Nube, the almost invisible galaxy that challenges the dark matter model

Nube is an almost invisible dwarf galaxy discovered by an international research team led by the Instituto de Astrofísica de Canarias (IAC) in collaboration with the University of La Laguna (ULL) and other institutions.

The name was suggested by the 5-year-old daughter of one of the researchers in the group and is due to the diffuse appearance of the object. Its surface brightness is to faint that it had passed unnoticed in the various previous surveys of this part of the sky due to the object’s diffuse appearance as if it were some kind of ghost. This is because its stars are so spread out in such a large volume that “Nube” (Spanish for “Cloud”) was almost undetectable.

This newly discovered galaxy has a set of specific properties which distinguish it from previously known objects. The research team estimate that Nube is a dwarf galaxy 10 times fainter than others of its type, but also 10 times more extended than other objects with a comparable number of stars.

To show what this means to anyone who knows a little astronomy, this galaxy is one-third of the size of the Milky Way but has a mass similar to that of the Small Magellanic Cloud.

“With our present knowledge, we do not understand how a galaxy with such extreme characteristics can exist,” explains Mireia Montes, the first author of the article and a researcher at the IAC and the ULL.

For some years, Ignacio Trujillo, the second author of the article, has been analyzing, based on the Sloan Digital Sky Survey (SDSS) images, a specific strip of sky in the framework of the project Legado del IAC Stripe 82. In one of the data revisions, they noticed a faint patch that looked sufficiently interesting to set up a research project.

The next step was to use ultra-deep multicolor images from the Gran Telescopio Canarias (GTC) to confirm that this patch in the survey was not some type of error but an extremely diffuse object. Due to its faintness, it is hard to determine the exact distance of the Nube.

Using an observation obtained with the Green Bank Telescope (GBT) in the United States, the authors estimated the distance of Nube to be 300 million light years, although upcoming observations with the Very Large Array (VLA) radiotelescope and the optical William Herschel Telescope (WHT) at the Roque de los Muchachos Observatory, La Palma, should help them to show whether this distance is correct.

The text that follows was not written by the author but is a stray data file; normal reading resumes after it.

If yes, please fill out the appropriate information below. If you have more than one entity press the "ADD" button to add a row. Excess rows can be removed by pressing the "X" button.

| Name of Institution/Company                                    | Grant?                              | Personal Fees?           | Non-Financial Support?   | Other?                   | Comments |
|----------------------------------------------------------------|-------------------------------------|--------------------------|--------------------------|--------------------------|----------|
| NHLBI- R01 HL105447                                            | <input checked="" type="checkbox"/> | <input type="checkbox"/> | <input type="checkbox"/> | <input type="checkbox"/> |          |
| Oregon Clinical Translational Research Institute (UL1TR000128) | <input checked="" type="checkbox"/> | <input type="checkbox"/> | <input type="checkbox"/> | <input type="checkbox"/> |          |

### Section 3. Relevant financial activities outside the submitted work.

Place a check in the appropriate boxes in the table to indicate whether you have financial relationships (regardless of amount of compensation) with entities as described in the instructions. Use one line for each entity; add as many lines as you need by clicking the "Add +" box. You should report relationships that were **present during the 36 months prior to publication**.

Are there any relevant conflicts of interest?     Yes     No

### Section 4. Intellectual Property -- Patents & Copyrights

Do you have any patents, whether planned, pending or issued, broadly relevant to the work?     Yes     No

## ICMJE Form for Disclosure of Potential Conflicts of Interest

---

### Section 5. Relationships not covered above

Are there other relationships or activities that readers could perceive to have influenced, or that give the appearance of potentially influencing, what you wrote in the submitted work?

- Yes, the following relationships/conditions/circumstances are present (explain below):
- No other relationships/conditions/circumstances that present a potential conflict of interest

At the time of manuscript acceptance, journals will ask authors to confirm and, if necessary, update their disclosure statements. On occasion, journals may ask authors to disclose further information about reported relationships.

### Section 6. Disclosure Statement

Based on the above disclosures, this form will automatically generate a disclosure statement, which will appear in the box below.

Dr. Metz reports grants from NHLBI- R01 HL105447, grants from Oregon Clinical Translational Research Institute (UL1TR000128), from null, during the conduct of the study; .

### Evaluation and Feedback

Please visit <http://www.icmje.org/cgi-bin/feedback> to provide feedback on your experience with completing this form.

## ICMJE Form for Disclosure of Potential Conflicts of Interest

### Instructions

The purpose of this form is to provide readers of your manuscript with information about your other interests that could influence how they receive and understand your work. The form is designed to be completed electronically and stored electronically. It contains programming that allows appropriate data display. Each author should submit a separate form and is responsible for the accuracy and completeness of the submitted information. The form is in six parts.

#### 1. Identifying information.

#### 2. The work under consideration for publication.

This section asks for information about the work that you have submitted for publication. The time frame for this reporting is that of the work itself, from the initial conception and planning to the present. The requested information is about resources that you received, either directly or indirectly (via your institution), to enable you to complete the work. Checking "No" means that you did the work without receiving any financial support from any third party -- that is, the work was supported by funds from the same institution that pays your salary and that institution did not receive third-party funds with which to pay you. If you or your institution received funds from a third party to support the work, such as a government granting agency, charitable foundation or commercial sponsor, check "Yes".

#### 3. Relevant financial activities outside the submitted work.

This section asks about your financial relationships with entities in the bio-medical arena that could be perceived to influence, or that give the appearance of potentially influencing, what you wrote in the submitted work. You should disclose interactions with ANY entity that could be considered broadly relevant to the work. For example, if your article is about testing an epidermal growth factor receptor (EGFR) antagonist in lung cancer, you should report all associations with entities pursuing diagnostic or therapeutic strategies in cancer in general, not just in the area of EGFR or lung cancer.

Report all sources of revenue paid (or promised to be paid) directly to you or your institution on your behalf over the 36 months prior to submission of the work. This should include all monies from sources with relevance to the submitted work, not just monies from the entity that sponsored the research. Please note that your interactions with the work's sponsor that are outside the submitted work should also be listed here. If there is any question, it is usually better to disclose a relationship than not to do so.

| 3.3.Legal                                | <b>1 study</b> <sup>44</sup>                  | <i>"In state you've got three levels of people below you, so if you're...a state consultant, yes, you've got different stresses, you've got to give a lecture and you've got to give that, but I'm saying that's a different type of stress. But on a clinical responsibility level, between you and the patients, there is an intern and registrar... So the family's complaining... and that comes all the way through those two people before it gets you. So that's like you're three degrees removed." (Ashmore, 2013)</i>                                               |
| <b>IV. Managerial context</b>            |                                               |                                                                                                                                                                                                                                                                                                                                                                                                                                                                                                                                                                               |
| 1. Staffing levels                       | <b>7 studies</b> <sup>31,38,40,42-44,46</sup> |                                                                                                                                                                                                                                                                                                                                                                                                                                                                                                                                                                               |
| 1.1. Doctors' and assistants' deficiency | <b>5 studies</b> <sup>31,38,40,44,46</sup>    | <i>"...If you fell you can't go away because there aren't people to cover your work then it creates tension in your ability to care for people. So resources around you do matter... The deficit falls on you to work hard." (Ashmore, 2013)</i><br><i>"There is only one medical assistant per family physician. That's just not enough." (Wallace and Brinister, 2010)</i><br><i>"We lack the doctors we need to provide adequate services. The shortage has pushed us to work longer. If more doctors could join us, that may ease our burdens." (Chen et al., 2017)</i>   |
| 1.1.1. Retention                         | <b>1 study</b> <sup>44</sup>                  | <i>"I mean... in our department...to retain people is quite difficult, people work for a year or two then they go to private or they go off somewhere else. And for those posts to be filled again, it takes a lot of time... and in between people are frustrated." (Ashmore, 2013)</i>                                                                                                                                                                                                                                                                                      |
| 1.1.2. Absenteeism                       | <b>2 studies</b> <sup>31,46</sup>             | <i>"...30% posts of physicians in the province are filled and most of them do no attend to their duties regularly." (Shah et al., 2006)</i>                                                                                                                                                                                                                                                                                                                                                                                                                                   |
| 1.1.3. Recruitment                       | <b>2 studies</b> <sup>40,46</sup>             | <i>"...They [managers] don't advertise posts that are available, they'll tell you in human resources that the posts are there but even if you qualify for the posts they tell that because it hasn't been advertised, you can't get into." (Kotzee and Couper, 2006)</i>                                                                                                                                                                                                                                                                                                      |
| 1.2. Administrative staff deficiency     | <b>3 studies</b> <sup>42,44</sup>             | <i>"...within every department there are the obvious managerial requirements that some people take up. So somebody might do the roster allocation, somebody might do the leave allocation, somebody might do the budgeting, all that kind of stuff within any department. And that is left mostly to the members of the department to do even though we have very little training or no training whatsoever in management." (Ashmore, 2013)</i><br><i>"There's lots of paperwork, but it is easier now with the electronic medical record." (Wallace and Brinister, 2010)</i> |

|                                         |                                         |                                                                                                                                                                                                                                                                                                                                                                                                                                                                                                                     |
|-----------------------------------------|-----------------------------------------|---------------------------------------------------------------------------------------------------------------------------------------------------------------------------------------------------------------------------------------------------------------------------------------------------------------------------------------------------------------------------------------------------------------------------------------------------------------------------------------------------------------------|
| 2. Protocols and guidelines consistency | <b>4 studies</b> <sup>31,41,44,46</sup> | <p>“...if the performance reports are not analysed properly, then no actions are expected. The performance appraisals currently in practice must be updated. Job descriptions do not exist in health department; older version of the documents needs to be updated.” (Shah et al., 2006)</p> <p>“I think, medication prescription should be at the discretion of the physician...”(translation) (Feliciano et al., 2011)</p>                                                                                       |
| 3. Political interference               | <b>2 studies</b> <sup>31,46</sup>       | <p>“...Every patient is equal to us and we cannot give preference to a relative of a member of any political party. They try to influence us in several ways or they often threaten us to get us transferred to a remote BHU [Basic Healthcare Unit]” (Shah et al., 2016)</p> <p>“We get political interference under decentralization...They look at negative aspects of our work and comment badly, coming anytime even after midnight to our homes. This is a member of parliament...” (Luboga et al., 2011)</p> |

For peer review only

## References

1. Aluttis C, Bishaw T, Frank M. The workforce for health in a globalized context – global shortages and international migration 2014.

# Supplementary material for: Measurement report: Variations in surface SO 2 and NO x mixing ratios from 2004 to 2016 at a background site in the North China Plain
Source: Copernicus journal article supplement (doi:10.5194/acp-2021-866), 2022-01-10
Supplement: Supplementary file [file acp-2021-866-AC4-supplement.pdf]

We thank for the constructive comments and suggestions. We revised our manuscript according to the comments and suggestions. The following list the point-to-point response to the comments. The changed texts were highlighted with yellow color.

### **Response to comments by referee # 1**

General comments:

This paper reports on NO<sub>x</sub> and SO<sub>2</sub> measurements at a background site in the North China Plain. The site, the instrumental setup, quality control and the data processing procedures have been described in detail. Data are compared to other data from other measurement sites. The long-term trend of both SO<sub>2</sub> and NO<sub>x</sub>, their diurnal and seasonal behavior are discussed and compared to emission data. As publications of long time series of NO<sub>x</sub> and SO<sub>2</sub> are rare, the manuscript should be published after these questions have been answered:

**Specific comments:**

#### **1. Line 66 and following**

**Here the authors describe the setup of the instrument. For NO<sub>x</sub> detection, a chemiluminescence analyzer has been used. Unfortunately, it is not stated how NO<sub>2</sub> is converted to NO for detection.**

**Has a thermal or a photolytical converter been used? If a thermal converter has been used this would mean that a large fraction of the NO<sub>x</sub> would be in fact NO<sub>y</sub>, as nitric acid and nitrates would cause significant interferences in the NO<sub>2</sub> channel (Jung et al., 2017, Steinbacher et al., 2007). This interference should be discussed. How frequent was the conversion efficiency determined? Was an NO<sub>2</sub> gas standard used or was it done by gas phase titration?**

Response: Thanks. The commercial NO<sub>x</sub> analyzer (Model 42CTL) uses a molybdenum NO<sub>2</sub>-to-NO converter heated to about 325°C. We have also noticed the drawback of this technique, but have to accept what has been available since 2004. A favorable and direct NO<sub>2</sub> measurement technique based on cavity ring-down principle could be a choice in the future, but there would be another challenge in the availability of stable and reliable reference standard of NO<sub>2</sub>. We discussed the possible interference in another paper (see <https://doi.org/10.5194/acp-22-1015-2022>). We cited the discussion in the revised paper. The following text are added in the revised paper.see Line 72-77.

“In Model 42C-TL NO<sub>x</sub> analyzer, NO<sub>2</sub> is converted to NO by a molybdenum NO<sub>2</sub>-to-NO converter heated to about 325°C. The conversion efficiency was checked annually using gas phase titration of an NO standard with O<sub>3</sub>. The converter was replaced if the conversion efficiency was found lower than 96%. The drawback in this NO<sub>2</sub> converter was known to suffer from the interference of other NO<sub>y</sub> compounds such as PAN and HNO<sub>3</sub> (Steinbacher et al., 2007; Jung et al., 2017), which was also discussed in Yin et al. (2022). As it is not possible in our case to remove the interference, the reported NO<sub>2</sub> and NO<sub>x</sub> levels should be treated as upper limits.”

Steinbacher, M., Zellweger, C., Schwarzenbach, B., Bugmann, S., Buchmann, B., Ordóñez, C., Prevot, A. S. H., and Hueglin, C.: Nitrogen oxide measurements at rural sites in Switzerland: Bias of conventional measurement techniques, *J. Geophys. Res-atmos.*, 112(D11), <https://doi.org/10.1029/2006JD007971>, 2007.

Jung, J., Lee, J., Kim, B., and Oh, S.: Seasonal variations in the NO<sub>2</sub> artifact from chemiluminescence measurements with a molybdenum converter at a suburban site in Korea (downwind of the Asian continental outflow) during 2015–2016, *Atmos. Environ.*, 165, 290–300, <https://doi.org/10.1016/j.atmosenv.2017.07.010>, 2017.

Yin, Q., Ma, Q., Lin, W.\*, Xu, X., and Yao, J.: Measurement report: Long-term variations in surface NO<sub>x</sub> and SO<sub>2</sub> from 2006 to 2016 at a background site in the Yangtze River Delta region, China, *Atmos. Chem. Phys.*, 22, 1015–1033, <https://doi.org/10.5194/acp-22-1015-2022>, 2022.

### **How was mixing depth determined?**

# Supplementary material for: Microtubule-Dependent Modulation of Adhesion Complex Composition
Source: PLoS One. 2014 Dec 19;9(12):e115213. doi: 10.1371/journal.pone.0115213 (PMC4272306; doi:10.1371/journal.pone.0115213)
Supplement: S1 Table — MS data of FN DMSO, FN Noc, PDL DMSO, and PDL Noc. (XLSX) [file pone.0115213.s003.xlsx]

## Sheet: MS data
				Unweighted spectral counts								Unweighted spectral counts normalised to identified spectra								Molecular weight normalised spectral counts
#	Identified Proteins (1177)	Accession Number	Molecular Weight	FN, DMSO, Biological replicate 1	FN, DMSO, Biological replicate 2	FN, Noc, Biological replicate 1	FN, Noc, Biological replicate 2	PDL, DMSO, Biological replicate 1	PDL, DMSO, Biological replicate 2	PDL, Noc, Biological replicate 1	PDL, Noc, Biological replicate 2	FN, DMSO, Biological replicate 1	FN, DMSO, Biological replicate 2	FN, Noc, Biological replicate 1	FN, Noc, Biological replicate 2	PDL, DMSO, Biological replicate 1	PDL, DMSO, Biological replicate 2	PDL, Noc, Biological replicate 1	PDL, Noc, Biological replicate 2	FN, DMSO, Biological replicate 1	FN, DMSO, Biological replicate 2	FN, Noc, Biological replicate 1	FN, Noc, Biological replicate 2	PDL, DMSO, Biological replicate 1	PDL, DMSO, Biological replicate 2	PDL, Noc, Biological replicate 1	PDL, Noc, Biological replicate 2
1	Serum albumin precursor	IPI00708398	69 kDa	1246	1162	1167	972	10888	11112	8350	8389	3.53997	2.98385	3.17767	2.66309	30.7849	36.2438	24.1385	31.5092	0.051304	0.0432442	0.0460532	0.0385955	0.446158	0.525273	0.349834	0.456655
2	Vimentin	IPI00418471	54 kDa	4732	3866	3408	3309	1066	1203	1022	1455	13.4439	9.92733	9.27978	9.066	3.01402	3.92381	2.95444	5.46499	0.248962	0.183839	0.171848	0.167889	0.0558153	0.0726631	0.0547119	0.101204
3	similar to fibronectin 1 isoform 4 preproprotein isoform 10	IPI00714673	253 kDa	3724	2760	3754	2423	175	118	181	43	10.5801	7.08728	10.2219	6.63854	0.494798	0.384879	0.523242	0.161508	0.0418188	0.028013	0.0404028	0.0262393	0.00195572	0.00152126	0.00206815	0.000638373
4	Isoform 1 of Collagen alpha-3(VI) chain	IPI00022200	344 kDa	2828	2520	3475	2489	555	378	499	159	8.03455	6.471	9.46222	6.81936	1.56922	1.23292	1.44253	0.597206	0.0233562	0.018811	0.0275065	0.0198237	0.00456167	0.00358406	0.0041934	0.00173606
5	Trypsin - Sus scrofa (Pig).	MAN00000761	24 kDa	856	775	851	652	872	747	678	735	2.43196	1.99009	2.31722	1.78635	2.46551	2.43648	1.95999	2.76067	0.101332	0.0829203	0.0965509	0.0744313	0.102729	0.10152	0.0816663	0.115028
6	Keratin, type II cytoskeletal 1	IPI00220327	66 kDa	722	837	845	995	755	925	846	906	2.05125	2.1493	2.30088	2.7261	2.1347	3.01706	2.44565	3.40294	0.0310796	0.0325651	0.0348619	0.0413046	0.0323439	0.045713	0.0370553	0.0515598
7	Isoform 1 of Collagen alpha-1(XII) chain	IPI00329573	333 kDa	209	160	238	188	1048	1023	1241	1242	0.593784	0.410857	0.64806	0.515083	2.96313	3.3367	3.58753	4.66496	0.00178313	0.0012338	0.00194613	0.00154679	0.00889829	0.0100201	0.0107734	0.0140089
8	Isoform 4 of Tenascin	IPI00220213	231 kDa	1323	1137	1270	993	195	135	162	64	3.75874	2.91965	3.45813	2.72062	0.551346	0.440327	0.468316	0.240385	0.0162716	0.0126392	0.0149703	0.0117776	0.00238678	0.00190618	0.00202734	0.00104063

“If the galaxy turns out to be nearer, it will still be a very strange object and offer major challenges to astrophysics,” comments Ignacio Trujillo.

Another challenge to the present dark matter model?

The general rule is that galaxies have a much larger density of stars in their inner regions and that this density falls rapidly with increasing distance from the center. However, Montes says that in Nube, “the density of stars varies very little throughout the object, which is why it is so faint, and we have not been able to observe it well until we had the ultra-deep images from the GTC.”

Nube has the astronomers puzzled. Prima facie, the team explains, there is no interaction or other indication of its strange properties. Cosmological simulations cannot reproduce its “extreme” characteristics, even on the basis of different scenarios. “We are left without a viable explanation within the currently accepted cosmological model, that of cold dark matter,” explains Montes.

The cold dark matter model can reproduce the large-scale structures in the universe, but there are small-scale scenarios, such as the case of Nube, for which it cannot give a good answer. We have shown how the different theoretical models cannot produce it, which makes it one of the most extreme cases known until now.

“It is possible that with this galaxy, and similar ones which we might find, we can find additional clues which will open a new window on the understanding of the universe,” comments Montes.

“One possibility, which is attractive, is that the unusual properties of Nube are showing us that the particles that make up dark matter have an extremely small mass,” says Ignacio Trujillo. If this were so, this galaxy’s unusual properties would demonstrate the properties of quantum physics, but on a galactic scale. “If this hypothesis is confirmed, it would be one of the most beautiful demonstrations of nature, unifying the world of the smallest with that of the largest,” he concludes.



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